34. jamessal said,

    September 2, 2008 @ 12:12 pm

    "Do you agree with his basic premise? That language and thought are inextricably woven?"

    To some degree, sure. But really I don't know. I think that's a little over my head (and Orwell's). I just know that it's sloppy and arrogant to assume that if only people took as much care with language as you do, they would think like you as well. Take this (representative, I think) bit of nonsense in The Atlantic recently from BR Myers (http://www.theatlantic.com/doc/200712/vietnam):

    ""Let’s hear from a man who, for all his intellectual shortcomings, never said anything he didn’t mean. Ezra Pound wrote this in 1931:

    The individual cannot think and communicate his thought, the governor and legislator cannot act effectively or frame his laws without words, and the solidity and validity of these words is in the care of the damned and despised litterati …when their very medium, the very essence of their work, the application of word to thing goes rotten, i.e. becomes slushy and inexact, or excessive or bloated, the whole machinery of social and of individual thought and order goes to pot.
    The “application of word to thing” has been rotting for some time now, and in the very terms described. The social and political consequences are all around us. Literati who contribute to the rotwhether to preserve a writer’s reputation, to stimulate the book market, or simply to go with the flowhave no right to complain about incoherent government. The next time they want to praise a bad book, they should rave about the plot instead.""

    Somehow he worked that into a review of Denis Johnson's "Tree Smoke." I don't think it's worth addressing, except to point out the irony of quoting Pound — a brilliant writer with some not-so-great political views.

    "But what you say about dishonest discourse doesn't contradict what Orwell says. He doesn't claim that removing stale imagery or deleting abstraction will necessarily lead to honest discourse. He says, in fact, what you say, that following all of his advice will not in and of itself lead to honest discourse. But at least we wouldn't have the sort of sentences he criticizes. It's a start, at least."

    I didn't say that I caught him in any direct contradiction, only that the essay is a mess because the political stuff doesn't belong in it. You say it yourself: if everybody followed his advice we wouldn't have the sort of sentences he criticizes but we would still have dishonest political discourse. Well, why then is he talking about dishonest political discourse in this essay? If there is a connection at all, he hasn't demonstrated it.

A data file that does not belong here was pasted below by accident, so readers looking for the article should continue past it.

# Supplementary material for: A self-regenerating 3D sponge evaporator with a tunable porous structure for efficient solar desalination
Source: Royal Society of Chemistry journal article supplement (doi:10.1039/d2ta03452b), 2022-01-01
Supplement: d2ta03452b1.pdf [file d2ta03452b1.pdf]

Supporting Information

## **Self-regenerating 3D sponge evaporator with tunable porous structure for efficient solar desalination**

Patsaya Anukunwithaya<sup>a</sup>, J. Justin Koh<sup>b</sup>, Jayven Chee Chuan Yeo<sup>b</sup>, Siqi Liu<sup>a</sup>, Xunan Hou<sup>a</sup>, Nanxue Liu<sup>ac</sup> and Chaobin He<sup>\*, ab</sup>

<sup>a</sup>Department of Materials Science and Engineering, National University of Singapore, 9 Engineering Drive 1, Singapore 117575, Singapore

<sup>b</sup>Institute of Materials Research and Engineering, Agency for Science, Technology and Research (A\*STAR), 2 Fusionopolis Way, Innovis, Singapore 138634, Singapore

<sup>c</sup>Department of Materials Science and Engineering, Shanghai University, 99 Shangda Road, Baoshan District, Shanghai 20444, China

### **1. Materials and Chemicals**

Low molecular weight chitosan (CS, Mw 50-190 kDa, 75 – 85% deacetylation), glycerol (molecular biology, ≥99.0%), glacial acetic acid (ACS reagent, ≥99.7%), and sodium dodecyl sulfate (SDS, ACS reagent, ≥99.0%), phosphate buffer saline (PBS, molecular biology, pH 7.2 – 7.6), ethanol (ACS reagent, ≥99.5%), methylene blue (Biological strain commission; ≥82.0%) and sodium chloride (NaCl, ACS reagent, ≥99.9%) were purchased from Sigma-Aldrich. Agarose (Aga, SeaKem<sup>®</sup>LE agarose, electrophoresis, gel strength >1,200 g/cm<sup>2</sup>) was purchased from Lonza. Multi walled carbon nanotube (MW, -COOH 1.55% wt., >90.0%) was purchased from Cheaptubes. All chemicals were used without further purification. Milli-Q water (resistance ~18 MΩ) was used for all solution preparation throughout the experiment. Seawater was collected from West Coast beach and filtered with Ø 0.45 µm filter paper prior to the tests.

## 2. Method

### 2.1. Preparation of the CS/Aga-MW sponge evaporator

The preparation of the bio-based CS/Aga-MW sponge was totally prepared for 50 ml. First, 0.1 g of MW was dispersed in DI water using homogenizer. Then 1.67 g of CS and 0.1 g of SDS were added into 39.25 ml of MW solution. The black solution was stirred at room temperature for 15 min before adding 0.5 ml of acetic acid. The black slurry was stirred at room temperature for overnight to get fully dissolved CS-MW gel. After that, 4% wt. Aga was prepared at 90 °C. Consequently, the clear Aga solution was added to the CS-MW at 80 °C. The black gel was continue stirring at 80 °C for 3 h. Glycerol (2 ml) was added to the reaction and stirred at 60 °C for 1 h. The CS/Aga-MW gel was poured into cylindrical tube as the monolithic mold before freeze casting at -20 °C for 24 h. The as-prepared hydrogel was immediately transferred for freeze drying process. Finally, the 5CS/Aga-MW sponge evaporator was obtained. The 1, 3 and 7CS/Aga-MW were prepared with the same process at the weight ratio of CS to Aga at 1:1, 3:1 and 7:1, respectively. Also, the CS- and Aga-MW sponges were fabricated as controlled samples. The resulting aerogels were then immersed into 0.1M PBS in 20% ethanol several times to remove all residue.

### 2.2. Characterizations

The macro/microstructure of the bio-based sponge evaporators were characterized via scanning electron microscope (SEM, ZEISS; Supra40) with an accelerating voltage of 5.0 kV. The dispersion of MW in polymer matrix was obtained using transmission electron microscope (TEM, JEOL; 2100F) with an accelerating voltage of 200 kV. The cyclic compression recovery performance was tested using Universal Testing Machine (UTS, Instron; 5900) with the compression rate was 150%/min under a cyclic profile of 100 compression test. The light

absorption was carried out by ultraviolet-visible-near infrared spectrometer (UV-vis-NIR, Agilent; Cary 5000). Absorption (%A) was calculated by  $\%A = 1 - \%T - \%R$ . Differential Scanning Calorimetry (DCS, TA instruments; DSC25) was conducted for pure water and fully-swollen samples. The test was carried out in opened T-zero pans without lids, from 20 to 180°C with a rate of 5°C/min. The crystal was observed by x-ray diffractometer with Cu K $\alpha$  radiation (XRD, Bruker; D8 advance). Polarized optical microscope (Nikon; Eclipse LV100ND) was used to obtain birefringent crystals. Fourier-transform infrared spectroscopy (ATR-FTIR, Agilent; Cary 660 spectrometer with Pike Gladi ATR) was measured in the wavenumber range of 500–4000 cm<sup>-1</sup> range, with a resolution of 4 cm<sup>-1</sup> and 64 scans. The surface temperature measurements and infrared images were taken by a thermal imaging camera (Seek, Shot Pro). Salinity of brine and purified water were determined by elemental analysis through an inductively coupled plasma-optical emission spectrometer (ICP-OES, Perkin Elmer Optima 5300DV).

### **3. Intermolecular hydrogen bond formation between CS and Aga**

35. Trent said,

    September 2, 2008 @ 3:37 pm

    jamessal,

    It's curious that on specifics we really don't disagree, yet I like O.'s essay and you don't. I wonder, though, if you are requiring too much of an essay, which, after all, is a form devoted to musings and not necessarily to the sort of rigorous argument we usually require from academic articles.

    Disregarding specific statements of Orwell's, I think he in general gives good advice to writers: prefer the fresh over the stale, strive for clarity, and use the exact word and not its near cousin.

    Anyway, I've enjoyed this discussion. I've certainly got some stuff to think about. This article and thread contain the first attacks on O's essay I've encountered.

  36. jamessal said,

    September 2, 2008 @ 5:23 pm

    "I wonder, though, if you are requiring too much of an essay"

    Maybe. And if the bit of political maundering didn't smell to me like the same bad-language-is-responsible-for-everything-bad-in-the-world canard so-called language experts repeat to pump themselves up, I probably wouldn't call the essay a mess. Not all of Orwell's advice is bad (though I probably don't like any of it as much as you do); and he was sharp enough to write this: "correct grammar and syntax… are of no importance so long as one makes one's meaning clear."

    Thanks for getting me to revisit him this morning! (In case you haven't read it, The New Yorker piece on him I linked to earlier is excellent.)

  37. chg said,

    September 2, 2008 @ 7:31 pm